Brooke Sahni


It wasn’t, for a long time, about sex, but the thrilling tide
of mouths. Kissing, what they asked us to do in school
if we dropped the siddur or anything with the word god.
We were kids, 7, 8, 9 years old, clumsy, so there was a lot
of kissing. Girl’s mouths on the blue spine of the prayer book
which was said to hold the weight of god, so we were
kissing the entire universe. But the book didn’t kiss back, neither did
the metal bar of my headboard that I loved to practice on, nor the men
and women who kissed in the movies, the kissing I found so
exciting and intangible. In front of adults
I always pretended to find kissing disgusting, too afraid to
admit to this wild thing inside me that ached, how all I wanted
was for one of the movie stars to reach through the glass
and show me what the tongue can do. First kiss, girl in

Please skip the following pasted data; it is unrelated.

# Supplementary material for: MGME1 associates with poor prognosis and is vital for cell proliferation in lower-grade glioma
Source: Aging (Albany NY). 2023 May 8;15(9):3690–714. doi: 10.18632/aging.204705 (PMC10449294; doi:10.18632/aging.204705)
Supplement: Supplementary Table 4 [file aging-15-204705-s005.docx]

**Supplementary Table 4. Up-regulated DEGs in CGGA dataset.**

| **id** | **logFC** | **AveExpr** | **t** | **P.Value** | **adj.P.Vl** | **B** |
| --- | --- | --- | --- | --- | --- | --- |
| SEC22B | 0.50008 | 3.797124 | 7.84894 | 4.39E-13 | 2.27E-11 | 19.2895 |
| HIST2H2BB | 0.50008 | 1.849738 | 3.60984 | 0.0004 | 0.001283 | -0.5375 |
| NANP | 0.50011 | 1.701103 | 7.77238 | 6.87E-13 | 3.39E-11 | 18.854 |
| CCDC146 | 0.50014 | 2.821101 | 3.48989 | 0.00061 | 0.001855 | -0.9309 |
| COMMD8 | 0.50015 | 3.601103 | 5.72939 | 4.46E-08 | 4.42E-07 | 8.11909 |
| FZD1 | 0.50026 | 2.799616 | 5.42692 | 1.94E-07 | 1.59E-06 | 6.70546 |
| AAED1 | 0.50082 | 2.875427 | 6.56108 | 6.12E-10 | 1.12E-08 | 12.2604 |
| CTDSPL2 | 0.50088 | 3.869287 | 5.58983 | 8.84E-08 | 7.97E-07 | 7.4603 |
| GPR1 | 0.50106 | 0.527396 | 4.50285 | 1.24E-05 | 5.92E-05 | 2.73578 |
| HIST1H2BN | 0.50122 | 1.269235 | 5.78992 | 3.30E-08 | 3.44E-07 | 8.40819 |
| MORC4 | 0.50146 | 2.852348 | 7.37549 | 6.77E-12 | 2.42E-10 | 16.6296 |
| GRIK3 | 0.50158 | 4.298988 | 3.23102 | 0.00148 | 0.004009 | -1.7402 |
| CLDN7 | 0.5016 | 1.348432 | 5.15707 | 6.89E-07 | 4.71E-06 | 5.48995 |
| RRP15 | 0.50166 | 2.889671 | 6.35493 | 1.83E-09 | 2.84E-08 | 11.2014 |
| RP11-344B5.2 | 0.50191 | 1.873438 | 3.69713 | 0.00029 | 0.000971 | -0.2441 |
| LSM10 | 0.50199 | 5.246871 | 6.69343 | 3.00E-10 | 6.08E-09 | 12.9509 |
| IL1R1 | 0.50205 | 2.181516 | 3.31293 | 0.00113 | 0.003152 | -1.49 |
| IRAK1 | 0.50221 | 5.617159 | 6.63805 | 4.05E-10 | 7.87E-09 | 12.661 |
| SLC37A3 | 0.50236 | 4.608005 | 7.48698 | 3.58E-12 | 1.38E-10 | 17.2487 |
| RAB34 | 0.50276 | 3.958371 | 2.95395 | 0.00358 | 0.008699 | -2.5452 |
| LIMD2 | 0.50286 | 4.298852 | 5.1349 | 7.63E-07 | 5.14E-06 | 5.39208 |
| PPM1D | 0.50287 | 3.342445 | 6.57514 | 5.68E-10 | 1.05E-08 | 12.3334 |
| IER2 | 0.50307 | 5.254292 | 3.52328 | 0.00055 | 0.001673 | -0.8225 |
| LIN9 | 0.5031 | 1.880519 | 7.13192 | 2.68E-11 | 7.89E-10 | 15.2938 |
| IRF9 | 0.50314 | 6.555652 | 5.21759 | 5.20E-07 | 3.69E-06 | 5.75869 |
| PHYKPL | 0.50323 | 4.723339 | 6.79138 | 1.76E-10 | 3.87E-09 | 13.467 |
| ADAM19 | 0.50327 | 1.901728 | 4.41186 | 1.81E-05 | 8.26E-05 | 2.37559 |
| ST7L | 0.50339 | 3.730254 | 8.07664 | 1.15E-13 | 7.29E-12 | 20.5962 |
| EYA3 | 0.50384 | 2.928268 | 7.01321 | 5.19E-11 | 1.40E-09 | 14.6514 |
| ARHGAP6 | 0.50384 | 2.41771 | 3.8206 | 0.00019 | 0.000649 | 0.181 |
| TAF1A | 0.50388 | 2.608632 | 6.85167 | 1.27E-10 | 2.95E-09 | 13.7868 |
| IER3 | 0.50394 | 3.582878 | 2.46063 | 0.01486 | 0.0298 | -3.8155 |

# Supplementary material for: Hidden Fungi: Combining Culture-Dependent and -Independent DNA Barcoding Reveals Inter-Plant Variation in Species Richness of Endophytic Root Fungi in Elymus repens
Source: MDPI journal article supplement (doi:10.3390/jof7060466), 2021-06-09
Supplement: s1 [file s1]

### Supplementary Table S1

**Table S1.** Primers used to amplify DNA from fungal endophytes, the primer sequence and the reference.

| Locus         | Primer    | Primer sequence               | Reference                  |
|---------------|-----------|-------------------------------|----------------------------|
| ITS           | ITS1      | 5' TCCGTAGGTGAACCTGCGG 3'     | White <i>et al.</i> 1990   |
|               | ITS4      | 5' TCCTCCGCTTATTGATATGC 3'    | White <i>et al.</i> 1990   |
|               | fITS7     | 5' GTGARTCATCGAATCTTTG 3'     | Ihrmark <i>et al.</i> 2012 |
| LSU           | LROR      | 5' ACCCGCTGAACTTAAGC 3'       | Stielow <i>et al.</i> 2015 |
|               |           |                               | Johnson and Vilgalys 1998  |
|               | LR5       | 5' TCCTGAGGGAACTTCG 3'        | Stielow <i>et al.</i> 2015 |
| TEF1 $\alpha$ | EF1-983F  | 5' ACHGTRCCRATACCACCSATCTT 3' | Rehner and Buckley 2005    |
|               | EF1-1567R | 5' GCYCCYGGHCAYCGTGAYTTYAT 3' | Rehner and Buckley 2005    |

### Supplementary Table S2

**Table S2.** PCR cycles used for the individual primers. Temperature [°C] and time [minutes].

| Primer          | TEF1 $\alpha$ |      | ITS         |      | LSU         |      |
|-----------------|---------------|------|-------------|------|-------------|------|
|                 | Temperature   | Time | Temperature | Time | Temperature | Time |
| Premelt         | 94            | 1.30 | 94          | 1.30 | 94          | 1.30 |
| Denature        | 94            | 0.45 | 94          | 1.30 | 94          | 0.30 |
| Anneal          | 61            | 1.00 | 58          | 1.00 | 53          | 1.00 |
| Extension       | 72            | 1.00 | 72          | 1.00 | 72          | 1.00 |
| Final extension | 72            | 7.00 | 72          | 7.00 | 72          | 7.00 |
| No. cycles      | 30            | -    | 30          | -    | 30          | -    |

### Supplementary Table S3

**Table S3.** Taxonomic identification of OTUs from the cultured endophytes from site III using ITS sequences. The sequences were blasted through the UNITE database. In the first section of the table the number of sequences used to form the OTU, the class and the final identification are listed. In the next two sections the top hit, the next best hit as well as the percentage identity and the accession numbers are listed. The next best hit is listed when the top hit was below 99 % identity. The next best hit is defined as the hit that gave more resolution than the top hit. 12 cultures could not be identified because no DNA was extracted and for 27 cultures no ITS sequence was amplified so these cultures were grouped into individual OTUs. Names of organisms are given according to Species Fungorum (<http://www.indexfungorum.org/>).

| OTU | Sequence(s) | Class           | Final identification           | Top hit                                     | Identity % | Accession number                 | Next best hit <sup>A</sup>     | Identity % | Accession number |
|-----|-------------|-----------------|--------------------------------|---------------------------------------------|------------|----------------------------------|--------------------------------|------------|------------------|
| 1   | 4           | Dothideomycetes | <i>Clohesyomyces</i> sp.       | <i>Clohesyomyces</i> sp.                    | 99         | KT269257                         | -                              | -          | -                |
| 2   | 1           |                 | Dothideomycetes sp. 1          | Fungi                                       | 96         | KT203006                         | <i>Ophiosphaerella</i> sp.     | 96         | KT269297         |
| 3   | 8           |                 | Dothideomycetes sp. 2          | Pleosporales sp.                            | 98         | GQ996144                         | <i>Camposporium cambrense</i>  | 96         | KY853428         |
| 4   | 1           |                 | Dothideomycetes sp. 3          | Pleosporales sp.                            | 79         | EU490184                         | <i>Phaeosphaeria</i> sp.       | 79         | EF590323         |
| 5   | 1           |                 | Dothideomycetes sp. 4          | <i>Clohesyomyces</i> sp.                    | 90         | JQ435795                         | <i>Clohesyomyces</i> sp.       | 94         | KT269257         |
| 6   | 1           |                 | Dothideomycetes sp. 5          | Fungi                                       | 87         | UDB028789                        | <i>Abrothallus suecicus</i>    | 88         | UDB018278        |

middle school who stabbed her tongue into my mouth.
When I pulled away, she pulled me back.
How could I forget the pre-kiss from the girl I loved—
my bully and my infatuation—how she laid
her long and beautiful body atop mine and put her entire face
into my neck giving me the gift of her breath, but not, ever,
giving me enough, so in this way my desire was always full.
And finally the boys. The boys who kissed badly,
the boys who kissed ok, and the few
who kissed so excellently, sex still felt beside the point.
Esther Perel says the kiss you imagine giving can be better
than the real thing—the sweet gift of the imagination,
how we can live in and make it anything we want—

and usually I would agree, but instead I feel as though
I have discovered kissing for the first time.
With you, baby, your mouth is an ocean
inviting me to swim.

Brooke Sahni is the author of Before I Had the Word (Texas Review Press, 2021),
which won the X.J. Kennedy Poetry Prize, selected by Maggie Smith. She is also the author
of Divining (Orison Books, 2020), which won the Orison Chapbook Prize. Other work has
appeared in journals such as Denver Quarterly, 32 Poems, The Missouri Review, Prairie
Schooner, Nimrod, the Massachusetts Review, Boulevard
and elsewhere.

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